🎗️ Why Covid-induced legal changes are expected to stick
After the financial crisis in 2008, many prognosticators suggested the legal industry was due for a shakeup. But the shift wasn’t seismic, aside from a few lean hiring years at big firms and a temporary downswing in business.
During this new time of crisis, the ABA Journal has surveyed legal experts yet again. And this time they think more significant changes will endure.
The Great Recession led to financial turmoil: But it didn’t force companies, firms or judges to change their daily habits. Coronavirus has upended all of society, preventing many of the face-to-face meetings previously considered necessary.
Technology was forced upon the legal world: Client meetings, depositions and meetings have all gone online. Chief Justice of the Texas Supreme Court Nathan Hecht said it would’ve taken years for courts to adopt such practices under regular circumstances.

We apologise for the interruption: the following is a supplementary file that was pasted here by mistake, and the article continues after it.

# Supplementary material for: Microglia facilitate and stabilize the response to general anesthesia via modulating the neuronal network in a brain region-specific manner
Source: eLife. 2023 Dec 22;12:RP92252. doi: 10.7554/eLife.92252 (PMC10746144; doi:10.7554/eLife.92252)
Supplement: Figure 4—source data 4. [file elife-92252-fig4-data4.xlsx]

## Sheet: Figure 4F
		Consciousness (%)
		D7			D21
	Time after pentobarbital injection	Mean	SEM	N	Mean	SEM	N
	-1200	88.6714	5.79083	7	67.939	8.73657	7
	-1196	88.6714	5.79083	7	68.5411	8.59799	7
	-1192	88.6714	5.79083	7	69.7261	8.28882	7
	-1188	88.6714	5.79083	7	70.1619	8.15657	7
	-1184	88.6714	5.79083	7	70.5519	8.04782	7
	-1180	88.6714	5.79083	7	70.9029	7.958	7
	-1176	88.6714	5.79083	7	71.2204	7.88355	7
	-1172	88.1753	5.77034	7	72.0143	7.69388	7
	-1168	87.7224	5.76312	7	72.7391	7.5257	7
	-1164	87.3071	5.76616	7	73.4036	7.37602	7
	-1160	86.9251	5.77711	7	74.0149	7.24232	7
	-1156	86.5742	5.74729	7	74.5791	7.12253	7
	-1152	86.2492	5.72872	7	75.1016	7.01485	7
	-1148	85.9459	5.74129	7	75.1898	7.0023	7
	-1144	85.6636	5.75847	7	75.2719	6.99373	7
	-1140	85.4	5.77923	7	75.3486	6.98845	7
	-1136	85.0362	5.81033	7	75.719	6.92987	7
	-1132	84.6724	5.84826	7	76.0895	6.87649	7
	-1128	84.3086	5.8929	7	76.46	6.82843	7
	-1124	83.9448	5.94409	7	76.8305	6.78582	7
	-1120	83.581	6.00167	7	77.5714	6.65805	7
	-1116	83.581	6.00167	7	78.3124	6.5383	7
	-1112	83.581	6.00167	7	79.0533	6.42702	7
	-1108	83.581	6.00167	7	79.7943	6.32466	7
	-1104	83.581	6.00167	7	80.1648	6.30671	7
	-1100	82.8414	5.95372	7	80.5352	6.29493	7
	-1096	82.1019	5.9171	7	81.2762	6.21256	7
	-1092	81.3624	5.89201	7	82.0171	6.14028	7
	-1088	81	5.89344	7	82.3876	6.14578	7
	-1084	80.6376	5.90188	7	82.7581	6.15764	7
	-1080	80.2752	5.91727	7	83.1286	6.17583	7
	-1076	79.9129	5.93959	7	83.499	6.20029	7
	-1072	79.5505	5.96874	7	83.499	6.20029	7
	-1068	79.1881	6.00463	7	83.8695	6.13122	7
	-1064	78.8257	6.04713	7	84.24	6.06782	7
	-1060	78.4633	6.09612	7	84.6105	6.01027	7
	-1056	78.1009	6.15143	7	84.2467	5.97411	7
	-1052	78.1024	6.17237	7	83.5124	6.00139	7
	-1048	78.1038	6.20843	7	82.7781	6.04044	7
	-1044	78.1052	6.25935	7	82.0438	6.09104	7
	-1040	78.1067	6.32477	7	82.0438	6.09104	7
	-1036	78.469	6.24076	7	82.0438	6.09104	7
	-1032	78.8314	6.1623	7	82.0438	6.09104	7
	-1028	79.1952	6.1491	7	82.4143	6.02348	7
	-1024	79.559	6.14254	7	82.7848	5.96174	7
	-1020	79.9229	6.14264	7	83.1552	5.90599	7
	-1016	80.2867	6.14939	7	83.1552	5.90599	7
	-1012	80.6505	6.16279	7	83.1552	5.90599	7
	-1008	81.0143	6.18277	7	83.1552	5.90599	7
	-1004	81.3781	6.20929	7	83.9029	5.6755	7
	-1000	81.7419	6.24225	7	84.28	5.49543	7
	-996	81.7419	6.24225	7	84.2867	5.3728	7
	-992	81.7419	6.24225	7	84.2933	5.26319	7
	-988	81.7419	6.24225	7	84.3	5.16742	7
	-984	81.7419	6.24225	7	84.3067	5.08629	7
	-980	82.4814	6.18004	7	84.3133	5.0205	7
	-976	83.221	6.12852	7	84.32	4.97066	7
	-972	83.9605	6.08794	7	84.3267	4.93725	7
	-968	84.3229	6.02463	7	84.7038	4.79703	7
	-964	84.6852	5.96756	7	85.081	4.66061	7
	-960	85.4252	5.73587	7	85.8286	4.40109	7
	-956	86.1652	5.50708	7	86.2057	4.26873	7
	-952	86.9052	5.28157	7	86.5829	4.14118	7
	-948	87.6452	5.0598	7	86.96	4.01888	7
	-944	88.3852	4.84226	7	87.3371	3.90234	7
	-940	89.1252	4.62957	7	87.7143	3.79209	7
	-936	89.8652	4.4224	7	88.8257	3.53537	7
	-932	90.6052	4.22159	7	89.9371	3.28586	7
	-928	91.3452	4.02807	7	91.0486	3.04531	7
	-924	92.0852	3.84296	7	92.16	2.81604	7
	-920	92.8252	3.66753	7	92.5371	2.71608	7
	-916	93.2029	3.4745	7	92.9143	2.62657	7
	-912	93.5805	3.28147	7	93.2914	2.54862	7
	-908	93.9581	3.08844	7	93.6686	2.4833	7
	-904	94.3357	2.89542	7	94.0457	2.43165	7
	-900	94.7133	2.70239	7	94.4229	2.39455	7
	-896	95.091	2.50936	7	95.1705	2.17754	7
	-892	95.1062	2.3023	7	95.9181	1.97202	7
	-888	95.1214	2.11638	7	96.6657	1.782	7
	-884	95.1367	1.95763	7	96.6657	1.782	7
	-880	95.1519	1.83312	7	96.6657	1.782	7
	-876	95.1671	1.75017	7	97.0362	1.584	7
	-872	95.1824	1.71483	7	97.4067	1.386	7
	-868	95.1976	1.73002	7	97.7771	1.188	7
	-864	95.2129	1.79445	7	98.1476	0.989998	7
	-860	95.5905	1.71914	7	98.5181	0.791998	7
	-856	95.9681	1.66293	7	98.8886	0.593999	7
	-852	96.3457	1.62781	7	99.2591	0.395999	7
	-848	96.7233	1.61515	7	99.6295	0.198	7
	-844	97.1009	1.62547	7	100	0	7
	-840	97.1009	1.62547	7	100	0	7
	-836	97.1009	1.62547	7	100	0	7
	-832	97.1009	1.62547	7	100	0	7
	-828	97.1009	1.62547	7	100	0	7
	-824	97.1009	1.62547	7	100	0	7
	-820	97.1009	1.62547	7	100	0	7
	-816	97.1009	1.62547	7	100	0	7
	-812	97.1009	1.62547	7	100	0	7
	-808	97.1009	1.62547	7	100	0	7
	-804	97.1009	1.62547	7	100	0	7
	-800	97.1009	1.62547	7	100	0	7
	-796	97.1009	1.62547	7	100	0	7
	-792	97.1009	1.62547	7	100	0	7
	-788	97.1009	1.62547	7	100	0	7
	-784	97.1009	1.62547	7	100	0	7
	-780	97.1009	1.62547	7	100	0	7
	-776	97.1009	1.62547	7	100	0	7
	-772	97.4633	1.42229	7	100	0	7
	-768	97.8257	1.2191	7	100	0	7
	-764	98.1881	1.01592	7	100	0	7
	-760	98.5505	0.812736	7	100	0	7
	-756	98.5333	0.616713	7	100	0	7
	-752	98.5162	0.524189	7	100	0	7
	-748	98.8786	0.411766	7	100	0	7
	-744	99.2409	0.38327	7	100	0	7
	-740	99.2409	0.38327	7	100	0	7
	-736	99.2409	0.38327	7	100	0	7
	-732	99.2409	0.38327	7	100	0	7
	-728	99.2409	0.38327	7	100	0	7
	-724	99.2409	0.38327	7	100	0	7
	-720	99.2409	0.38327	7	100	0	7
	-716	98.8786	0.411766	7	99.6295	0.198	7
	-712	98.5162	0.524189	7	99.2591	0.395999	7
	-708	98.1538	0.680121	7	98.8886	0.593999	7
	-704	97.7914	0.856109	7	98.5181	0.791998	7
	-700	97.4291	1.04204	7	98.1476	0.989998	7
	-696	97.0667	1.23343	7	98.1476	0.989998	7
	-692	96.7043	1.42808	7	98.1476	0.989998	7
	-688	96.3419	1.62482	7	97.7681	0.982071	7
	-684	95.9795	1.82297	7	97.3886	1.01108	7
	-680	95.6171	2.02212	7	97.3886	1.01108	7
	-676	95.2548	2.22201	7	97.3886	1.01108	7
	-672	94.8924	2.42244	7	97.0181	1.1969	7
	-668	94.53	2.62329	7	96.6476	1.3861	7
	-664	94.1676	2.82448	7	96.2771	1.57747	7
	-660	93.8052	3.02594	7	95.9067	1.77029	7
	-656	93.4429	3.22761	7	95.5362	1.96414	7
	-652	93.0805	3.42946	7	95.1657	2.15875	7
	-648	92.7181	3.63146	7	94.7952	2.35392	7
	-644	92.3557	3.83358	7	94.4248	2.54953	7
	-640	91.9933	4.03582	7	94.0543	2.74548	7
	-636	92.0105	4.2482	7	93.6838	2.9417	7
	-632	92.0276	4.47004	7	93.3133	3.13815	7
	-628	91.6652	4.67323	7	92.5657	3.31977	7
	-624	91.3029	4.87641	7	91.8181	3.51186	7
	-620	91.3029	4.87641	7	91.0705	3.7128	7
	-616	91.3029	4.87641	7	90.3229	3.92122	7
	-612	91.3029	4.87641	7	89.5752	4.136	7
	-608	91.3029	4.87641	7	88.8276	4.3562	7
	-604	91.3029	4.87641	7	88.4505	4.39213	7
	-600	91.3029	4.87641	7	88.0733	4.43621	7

The biggest changes could be regulatory
As we discussed earlier this summer, nonlawyer ownership of legal providers could become a reality. Experts now believe the movement toward this change will be expedited by Covid. Why? Because legal services are expected to rise so greatly in the ensuing months and years that regulatory change will be required to create greater access to justice.
Jennifer Leonard, Penn Law’s chief innovation officer, said the legal field has never gone through anything like it has in the last few months. She described it as a disruption of “every single component of the legal system.”
And when disruptions are that wide scale -- and mandatory -- they’re more likely to last.